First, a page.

It was a busy week for IoT technologies, with Russia preparing its networks for quantum computer hacks through blockchain.
Earlier this week, Irish forestry organisation Coillte revealed its latest effort to get into the ‘internet of trees’ space following a €1.2m deal with the European Space Agency to roll out a tree growth analytics system, including a unique tree sensor device.
When operational, the sensors will create a kind of mesh network that maps out a digital forest. The resulting data will be transmitted via satellite to provide real-time analytics for forest managers.
Meanwhile, across the Atlantic Ocean, Android co-founder Andy Rubin was discussing the prevalence of smart home assistants on the market, and how they are creating a disjointed ecosystem.
Rubin was speaking as part of the launch of Android’s new Essential Home device and a new open source, smart assistant operating system called Ambient OS.
“All of these [companies] have ecosystem envy and want to create their own ecosystem,” Rubin said.
“But consumers don’t want just Samsung stuff in their house. They want diversity.”
World’s first unhackable blockchain for quantum computers
The fields of blockchain and quantum computing are fascinating and complex in their own regard, but new research from Russia claims that a merger between the two could be very interesting.
According to the International Business Times, a team from the Russian Quantum Center in Moscow has developed quantum blockchain technology that would prevent any hacker from accessing connections, despite the computing technology still being experimental.
As has been explained before, blockchain is the technology that makes a transaction of currency or information traceable and transparent to both parties and, by its nature, is supposed to be incredibly secure.
However, when quantum computers enter the mainstream, this might not be the case as their incredible processing power would be able to crack any encryption.
“Parties that communicate via a quantum channel can be completely sure that they are talking to each other, not anybody else,” said Alexander Lvovsky, group lead of the research.
“This is the main idea. Then we had to reinvent the entire blockchain architecture to ‘fit’ our new authentication technology, thereby making this architecture immune to quantum computer attacks.”
Tekelek signs $1.4m deal on Canada trade mission
Earlier this week (29 May), Enterprise Ireland held a trade mission in Canada with a focus on IoT, led by Minister Sean Canney, TD.
The biggest success at the event was with Clare-based Tekelek, which signed a $1.4m deal with PayGo, a company that provides sensors for businesses to monitor fuel consumption remotely and make changes where necessary.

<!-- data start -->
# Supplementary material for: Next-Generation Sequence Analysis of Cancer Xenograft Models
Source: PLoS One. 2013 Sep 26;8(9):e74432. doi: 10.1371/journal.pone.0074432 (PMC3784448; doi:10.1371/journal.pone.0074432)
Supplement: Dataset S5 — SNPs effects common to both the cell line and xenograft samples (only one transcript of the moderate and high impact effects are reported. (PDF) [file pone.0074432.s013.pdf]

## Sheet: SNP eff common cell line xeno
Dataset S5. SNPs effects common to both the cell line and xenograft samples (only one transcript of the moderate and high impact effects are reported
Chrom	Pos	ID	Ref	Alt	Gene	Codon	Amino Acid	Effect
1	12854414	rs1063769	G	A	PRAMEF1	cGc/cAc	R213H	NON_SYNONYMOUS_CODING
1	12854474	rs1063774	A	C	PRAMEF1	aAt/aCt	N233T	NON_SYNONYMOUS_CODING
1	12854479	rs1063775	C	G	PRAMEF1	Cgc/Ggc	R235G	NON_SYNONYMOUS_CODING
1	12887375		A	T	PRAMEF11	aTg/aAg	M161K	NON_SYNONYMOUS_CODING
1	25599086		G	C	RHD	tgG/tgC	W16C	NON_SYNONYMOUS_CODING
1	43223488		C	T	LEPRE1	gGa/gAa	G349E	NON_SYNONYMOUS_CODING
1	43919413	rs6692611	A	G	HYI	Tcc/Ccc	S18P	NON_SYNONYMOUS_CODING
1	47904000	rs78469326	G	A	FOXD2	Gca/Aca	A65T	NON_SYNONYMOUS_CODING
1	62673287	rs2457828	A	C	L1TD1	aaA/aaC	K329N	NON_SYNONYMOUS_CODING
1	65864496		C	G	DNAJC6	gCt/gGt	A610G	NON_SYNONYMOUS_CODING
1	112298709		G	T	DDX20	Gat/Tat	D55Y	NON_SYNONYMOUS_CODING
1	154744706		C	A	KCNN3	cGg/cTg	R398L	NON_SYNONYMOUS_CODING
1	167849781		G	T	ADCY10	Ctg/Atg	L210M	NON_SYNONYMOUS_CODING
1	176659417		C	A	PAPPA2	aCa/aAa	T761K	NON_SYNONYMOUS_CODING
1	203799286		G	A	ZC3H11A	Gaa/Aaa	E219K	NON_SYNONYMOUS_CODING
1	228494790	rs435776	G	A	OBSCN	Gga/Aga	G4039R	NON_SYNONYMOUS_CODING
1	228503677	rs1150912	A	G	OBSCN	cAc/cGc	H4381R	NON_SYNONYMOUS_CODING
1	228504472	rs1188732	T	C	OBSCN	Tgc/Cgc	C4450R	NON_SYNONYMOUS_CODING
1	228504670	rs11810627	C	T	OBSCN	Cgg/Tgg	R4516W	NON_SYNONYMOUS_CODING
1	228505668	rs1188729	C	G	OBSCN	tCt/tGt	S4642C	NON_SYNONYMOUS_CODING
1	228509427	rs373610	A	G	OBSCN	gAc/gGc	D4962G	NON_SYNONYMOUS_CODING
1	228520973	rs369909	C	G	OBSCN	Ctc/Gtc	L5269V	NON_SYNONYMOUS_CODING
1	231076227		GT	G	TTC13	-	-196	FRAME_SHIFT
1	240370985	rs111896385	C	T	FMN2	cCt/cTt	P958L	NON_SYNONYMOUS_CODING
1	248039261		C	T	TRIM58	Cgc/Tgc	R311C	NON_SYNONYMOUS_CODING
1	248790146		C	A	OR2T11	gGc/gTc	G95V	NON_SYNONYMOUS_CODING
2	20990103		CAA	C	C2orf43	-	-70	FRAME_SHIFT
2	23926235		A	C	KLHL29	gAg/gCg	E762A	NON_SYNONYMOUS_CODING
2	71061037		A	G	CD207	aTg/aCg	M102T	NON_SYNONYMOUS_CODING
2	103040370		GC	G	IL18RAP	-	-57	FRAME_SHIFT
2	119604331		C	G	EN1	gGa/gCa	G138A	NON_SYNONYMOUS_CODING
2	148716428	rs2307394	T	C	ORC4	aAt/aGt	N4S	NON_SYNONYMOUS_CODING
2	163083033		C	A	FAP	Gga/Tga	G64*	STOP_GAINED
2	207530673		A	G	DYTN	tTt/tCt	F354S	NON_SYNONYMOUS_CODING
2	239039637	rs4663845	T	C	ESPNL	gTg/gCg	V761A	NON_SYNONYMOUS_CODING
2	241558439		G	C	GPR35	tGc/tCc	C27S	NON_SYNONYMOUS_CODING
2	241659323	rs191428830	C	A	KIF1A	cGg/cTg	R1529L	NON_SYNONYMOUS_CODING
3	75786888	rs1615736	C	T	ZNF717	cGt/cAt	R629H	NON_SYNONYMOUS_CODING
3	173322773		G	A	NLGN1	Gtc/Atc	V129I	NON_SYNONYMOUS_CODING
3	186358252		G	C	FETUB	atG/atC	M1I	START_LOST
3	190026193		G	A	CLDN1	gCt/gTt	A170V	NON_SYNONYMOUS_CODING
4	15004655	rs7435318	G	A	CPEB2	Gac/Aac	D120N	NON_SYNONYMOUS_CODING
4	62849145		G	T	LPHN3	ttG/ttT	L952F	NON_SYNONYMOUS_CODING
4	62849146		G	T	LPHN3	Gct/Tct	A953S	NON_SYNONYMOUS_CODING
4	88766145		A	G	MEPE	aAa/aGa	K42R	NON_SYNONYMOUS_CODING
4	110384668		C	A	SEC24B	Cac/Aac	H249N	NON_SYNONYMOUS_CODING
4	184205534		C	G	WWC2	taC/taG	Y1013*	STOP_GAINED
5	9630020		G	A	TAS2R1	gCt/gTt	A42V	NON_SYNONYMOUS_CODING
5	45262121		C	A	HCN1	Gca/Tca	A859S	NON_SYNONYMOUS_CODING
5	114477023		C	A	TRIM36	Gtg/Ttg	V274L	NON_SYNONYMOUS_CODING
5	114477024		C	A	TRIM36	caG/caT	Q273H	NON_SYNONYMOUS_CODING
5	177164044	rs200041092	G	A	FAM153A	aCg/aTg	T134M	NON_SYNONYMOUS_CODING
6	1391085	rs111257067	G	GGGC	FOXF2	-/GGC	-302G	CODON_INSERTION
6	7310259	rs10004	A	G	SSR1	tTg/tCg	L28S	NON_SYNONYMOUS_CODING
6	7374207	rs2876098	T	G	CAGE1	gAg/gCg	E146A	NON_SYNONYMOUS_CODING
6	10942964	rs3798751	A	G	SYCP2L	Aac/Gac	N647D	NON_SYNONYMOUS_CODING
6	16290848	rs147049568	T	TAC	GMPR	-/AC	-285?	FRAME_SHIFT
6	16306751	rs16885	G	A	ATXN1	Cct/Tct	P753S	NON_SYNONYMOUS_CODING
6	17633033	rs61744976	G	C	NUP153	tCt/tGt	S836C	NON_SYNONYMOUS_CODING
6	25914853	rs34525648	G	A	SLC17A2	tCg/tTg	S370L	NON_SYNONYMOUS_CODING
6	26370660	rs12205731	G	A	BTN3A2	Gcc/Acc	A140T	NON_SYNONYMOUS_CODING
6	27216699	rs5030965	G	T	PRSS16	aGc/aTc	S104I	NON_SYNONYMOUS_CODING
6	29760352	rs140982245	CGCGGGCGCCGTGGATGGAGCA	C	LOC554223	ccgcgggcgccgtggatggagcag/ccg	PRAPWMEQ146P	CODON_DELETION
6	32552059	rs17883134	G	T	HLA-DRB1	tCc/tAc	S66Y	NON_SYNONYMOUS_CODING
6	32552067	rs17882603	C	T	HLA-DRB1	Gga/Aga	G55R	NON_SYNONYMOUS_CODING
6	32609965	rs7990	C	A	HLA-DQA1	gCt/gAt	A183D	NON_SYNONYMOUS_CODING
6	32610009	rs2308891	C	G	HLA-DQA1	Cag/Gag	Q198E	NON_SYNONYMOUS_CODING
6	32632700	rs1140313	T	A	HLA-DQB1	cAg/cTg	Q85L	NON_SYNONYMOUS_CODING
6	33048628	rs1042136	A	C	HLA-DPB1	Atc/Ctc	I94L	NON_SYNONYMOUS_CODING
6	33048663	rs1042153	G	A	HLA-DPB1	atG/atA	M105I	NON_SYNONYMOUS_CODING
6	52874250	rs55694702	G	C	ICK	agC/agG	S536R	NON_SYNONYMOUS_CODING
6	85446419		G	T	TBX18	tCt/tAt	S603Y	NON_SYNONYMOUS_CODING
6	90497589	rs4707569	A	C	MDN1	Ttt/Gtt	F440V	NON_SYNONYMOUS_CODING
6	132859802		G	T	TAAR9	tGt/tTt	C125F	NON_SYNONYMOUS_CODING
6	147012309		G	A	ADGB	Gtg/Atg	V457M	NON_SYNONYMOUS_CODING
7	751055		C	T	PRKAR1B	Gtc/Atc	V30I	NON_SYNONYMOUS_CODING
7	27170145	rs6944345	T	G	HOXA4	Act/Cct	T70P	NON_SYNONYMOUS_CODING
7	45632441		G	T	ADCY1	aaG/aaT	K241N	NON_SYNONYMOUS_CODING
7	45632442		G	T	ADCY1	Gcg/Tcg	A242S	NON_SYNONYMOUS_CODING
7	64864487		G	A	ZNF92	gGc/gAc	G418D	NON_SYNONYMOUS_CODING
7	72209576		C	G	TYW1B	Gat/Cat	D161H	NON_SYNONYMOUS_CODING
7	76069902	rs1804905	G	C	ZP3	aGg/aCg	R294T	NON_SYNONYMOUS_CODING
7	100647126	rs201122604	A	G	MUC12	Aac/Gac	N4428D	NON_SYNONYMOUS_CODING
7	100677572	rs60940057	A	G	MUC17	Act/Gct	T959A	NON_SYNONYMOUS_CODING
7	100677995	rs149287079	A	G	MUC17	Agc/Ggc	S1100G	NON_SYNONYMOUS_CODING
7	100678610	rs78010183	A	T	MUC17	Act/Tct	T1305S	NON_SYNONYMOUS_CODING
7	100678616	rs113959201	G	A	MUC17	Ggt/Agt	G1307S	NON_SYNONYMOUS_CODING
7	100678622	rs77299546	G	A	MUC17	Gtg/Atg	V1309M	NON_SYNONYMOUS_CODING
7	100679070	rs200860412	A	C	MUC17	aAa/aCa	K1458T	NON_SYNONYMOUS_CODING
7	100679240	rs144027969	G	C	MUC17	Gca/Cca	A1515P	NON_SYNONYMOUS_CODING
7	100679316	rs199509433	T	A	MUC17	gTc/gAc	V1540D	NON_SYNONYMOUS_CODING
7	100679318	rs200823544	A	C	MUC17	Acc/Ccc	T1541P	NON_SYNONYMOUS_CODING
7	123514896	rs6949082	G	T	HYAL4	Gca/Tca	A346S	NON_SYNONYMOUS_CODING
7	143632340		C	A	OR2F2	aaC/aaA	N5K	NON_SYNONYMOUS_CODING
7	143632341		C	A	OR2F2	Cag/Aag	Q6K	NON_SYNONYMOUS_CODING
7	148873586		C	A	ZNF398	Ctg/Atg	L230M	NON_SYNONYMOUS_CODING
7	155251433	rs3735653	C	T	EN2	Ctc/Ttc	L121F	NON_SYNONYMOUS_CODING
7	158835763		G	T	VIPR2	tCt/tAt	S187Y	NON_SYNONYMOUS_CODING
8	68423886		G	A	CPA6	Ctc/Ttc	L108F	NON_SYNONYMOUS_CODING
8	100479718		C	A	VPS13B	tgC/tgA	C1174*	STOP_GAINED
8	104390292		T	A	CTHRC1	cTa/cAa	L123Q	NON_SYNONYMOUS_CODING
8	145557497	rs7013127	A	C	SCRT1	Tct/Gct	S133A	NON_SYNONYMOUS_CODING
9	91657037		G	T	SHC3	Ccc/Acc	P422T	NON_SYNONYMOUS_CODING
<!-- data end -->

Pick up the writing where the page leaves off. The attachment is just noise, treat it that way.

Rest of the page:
As part of the deal, Tekelek will begin developing an intrinsically safe sensor to facilitate the expansion of PayGo’s service offering in the US and Canadian markets.
Oliver McCarthy, general manager of Tekelek, said: “We’re very excited to apply this thinking and our technology to the industrial fuels marketplace, and we’re similarly pleased to partner with an organisation of PayGo’s calibre to bring our technologies to the North America market.”
Dublin tests smart solutions to address city flooding
Dublin City Council’s (DCC) Smart Dublin initiative has announced a partnership with the Connect Centre and Intel to deploy low-cost sensors across the capital to monitor rainfall, weather conditions and river levels.
The new sensors will communicate data wirelessly to DCC’s operations team, which will analyse water levels and use Connect’s Pervasive Nation IoT network to provide city authorities with an early warning of potential flooding.
Jamie Cudden, DCC’s Smart City programme manager, said: “Dublin is emerging as a leading location for smart city and IoT innovations.
“Intel’s Dublin Living Lab programme has already carried out some initial flood monitoring activity across the city, which has led to the prototyping of a set of river and rainfall sensors.”
New autonomous car test method could cut costs by 99.9pc
Autonomous cars are gradually heading onto our open roads, albeit with a driver behind the wheel to make sure everything goes OK during the trials.
Now, a new method of testing these cars developed by the University of Michigan may have found a way to drastically cut the amount of time it could take to make them road-legal.
Developed using data from more than 40m km of driving in the real world, a team of researchers believes that they can save 99.9pc of the testing time and costs with their system.
The evaluation process breaks down typical driving situations into components that can be tested or simulated over and over again, exposing autonomous vehicles to a condensed set of the most challenging driving situations.
This, the researchers argue, means that 1,600km of testing would equate to 1.6m km in real-world testing, but, in order to make the public feel safe being in these vehicles, as much as 20bn km of testing will need to be done.
The team’s white paper is published here.
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